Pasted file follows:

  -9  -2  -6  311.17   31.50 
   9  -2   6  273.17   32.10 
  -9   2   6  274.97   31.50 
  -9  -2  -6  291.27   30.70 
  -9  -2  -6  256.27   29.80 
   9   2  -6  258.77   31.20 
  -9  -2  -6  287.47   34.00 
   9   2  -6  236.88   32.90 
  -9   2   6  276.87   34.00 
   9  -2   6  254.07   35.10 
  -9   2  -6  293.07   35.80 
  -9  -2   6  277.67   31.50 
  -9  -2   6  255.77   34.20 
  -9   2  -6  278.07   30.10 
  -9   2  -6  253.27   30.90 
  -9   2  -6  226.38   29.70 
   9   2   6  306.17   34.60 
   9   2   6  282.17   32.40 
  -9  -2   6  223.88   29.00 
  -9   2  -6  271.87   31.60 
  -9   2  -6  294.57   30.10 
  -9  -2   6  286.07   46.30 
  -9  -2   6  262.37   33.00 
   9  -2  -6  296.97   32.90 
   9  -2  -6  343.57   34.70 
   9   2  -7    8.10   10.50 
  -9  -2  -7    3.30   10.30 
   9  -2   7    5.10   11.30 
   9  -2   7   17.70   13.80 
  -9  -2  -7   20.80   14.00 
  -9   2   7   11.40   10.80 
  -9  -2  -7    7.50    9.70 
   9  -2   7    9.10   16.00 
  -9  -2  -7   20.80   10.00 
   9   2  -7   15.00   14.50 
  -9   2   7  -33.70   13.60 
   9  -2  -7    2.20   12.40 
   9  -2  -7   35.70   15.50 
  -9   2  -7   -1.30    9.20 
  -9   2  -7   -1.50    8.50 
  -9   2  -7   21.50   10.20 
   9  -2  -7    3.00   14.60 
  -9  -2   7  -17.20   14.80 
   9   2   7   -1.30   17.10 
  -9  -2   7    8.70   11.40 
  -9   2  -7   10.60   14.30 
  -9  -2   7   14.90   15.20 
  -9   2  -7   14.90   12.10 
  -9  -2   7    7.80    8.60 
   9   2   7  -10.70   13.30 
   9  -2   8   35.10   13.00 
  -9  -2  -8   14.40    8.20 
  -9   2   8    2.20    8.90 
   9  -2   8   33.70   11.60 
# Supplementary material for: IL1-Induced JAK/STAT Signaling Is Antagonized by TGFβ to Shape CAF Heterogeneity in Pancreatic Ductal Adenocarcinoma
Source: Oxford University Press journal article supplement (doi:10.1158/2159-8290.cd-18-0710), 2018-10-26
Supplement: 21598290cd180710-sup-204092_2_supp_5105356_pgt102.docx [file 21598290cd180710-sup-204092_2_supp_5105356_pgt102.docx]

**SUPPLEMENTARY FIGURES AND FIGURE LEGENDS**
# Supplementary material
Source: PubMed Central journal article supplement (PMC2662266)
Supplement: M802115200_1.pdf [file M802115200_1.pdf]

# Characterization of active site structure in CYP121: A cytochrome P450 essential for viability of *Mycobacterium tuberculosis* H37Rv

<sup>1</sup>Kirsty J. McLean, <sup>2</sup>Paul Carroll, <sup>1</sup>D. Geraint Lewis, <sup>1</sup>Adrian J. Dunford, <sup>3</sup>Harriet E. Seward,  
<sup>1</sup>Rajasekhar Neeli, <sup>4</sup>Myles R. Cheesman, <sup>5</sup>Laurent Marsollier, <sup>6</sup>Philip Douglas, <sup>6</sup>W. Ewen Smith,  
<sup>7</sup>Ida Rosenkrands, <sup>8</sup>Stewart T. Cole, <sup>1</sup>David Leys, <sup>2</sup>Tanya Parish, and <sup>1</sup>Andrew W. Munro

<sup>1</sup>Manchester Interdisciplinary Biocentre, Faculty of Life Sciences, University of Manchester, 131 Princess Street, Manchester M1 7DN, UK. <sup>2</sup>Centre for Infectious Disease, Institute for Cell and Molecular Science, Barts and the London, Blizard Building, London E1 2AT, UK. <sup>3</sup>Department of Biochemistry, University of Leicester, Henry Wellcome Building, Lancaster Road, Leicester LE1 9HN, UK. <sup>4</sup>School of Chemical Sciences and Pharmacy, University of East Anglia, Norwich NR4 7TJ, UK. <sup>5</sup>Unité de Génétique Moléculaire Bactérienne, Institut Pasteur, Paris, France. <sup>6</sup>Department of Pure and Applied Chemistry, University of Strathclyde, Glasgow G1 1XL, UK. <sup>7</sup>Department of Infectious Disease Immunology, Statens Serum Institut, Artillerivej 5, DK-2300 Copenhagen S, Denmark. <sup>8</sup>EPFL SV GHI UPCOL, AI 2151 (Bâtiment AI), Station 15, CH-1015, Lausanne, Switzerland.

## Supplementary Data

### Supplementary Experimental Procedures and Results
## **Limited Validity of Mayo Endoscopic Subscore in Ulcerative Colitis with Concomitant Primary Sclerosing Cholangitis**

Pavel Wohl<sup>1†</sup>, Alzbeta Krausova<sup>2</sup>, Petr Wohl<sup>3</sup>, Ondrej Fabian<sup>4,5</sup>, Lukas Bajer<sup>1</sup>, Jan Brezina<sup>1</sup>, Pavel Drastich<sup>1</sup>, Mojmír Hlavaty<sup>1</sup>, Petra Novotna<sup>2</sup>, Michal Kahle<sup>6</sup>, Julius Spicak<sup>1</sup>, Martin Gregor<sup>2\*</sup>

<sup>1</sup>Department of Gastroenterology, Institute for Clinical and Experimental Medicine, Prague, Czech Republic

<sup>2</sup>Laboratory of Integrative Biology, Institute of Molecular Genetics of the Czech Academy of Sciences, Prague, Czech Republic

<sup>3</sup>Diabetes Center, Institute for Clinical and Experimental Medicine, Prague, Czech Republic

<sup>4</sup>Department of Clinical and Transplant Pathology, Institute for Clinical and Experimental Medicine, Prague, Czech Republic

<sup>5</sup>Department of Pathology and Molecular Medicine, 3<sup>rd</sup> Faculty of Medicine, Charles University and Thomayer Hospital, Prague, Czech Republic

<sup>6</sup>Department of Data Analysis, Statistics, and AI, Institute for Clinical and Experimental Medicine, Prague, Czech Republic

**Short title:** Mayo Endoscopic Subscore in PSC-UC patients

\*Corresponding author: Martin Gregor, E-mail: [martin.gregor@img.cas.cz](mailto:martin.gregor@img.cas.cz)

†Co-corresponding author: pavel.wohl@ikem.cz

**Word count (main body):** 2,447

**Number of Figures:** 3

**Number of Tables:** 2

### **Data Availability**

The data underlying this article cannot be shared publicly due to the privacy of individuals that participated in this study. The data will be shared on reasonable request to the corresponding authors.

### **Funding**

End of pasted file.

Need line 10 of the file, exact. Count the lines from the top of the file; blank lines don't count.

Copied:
   9  -2   6  254.07   35.10 